The Mass Effect Trilogy: Sci-Fi Storytelling at its Best

The Mass Effect games are a series of third-person shooter action role playing games developed by BioWare.  You assume the role of Commander Shepard, whose mission is to protect the galaxy from the Reapers and their multiple operatives who are trying to destroy civilization as it is known in the universe.  They are games full of interesting characters, unique aliens, moral quandaries, steamy romance, intense action, and anyone who hasn’t played the games should go do so now.


I feel that the Mass Effect series is a huge milestone, not only in science fiction and video games, but in storytelling as a whole.

The first Mass Effect game that I played was Mass Effect 2.  This might have been a mistake, as I have never been able to go back and enjoy the first Mass Effect game.  I have read in-depth about it, but the first game feels entirely too clunky and unpolished after playing 2.  I’ve gotten several hours into 1 but everything was so very stiff and unintuitive that I had to stop and move on.  If you’re going to get into the game, I recommend starting with Mass Effect 1 to avoid what happened to me.  I feel bad for not enjoying it and giving it up, and some may dismiss my opinions on the trilogy because I haven’t played through it to Saren’s bitter end, but regardless, I’m going to forge on ahead anyways, cuz fuck those people.

You know who you are.

There are several reasons that I find this series to be so compelling, the first being that it’s incredibly personal.  You are able to customize your shepard to be a male or female, look how you want, and act how you want.  I know that this isn’t a new feature, but it’s hard to think of a game that does it better.  If you want to be bad, you’re bad.  If you want to be virtuous, you’re virtuous.  You can romance different people, even being able to engage in homosexual relationships, should you choose (which is commonplace and unremarkable in the game, an awesomely progressive aspect).  While your actions and responses are limited, as there is still a narrative that the game follows, by and large you are able to be your own character and play how you want to play.  And your actions have consequences.  Even small things that you would consider unimportant can have very happy or disastrous effects on the story and the galaxy as a whole.  These are reasons that you come back for, over and over.  “What if I killed this person instead of sparing them?”  “What if I tell this person to stay and be brave instead of running and hiding?”  “What if I love this person instead of that person?”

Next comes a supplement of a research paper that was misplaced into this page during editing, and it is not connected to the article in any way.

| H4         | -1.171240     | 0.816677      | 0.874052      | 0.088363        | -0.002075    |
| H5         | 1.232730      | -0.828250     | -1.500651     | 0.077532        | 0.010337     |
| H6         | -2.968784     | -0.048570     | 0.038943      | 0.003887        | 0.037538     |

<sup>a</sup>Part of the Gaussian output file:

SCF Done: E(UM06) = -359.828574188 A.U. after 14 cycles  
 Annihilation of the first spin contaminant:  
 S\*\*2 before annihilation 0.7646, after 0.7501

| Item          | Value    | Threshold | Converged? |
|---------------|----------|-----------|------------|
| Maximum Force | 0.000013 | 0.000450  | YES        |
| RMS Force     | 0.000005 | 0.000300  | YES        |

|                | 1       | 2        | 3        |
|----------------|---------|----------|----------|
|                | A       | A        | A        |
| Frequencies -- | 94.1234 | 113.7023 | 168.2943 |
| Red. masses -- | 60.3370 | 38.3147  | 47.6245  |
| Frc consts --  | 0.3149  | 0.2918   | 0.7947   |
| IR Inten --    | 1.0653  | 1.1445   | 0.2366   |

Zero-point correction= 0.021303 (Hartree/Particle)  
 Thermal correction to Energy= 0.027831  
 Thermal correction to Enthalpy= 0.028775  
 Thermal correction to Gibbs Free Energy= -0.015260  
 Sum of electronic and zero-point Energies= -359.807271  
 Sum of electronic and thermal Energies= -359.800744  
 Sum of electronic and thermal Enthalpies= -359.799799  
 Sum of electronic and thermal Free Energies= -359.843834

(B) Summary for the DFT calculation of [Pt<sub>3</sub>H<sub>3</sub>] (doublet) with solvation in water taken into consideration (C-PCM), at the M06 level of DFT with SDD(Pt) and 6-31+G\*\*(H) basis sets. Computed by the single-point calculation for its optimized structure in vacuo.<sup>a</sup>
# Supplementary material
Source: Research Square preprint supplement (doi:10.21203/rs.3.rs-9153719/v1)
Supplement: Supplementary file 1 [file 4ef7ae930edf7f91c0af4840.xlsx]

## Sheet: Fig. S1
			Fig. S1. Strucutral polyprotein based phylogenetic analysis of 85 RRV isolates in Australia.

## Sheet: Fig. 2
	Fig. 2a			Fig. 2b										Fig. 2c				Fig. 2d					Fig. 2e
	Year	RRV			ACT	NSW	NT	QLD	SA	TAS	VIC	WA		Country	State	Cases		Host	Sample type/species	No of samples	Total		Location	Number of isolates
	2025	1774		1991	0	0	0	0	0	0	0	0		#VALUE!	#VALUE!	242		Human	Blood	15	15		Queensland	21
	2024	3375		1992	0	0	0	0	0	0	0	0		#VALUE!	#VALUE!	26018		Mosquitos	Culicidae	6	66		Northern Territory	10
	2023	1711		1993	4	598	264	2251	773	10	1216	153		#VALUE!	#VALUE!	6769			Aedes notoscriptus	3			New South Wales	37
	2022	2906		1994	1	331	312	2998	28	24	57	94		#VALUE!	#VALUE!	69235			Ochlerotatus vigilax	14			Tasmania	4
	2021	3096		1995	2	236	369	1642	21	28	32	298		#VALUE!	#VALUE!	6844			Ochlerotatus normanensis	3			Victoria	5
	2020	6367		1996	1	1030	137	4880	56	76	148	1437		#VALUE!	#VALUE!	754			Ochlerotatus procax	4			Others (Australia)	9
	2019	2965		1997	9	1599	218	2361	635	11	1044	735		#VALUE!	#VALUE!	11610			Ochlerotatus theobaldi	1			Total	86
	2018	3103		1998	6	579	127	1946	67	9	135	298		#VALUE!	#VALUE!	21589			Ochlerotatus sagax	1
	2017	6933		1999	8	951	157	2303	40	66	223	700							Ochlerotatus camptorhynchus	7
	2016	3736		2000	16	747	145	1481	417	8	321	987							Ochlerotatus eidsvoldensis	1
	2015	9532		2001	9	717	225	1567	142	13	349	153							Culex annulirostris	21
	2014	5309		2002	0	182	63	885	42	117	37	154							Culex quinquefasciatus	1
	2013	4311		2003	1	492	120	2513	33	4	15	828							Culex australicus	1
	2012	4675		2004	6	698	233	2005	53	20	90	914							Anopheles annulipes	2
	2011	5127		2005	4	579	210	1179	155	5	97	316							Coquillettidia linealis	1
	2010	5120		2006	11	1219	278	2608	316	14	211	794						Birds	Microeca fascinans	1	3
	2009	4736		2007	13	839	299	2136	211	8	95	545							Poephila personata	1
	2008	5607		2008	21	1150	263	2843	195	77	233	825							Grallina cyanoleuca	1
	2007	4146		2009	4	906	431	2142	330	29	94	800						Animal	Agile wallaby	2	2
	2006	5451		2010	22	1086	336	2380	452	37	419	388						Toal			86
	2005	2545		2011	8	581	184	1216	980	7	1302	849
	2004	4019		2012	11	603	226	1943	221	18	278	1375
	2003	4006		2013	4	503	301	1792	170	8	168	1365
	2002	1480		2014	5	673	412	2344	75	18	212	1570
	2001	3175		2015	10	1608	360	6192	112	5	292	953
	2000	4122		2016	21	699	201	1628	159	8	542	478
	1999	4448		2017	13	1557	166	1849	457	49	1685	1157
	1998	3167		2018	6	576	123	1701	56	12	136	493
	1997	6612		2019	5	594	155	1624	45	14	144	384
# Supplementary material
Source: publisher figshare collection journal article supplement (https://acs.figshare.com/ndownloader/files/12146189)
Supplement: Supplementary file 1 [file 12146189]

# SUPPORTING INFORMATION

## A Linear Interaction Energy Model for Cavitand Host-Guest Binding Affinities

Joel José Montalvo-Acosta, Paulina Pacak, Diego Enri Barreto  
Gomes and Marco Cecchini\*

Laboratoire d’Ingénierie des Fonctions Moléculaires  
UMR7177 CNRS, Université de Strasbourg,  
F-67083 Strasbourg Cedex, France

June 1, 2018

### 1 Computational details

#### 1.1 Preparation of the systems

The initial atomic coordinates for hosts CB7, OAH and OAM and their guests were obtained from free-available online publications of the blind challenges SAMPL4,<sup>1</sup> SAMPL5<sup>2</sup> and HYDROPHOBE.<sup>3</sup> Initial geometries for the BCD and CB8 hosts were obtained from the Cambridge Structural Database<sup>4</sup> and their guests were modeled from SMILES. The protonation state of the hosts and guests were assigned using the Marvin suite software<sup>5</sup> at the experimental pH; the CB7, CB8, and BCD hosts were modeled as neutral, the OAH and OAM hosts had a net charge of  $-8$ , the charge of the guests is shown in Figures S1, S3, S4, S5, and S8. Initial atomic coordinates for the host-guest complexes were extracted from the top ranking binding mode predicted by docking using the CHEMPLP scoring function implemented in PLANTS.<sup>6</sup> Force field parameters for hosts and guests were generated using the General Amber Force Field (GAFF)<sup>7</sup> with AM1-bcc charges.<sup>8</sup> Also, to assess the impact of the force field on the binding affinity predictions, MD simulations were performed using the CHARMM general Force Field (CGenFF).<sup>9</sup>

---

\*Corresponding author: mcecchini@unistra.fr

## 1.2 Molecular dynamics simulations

Even though everyone loves Liara.  Dem frecks.
Even though everyone loves Liara. Dem frecks.

The next reason I love to play is the galaxy the games present.  You are a part of an alliance of planets, comprised of different aliens and political movements and factions, all with different relations to one another.  Some have a long galactic history while others are newer to the fold (humans being the newest), some have bloody histories with others that they haven’t quite forgiven yet, and some have formed symbiotic relationships with one another to survive.  You meet interesting creatures and characters who all have their own motivations in the game, be it stopping a violent loved one, returning home after getting in over his head on a pilgrimage, or curing a genophage that destroyed an entire species’ population.  It’s a complex galaxy, and everyone you meet wants or needs something, and unlike most fetch quests in games, these side missions generally feel very important, and like every little thing you do matters and has an impact on the galaxy as a whole or at the very least advances your capabilities.  Though, the scanning mini-games in ME2 get old after a while, I will admit.  But aside from that gripe, side missions are rewarding and fun.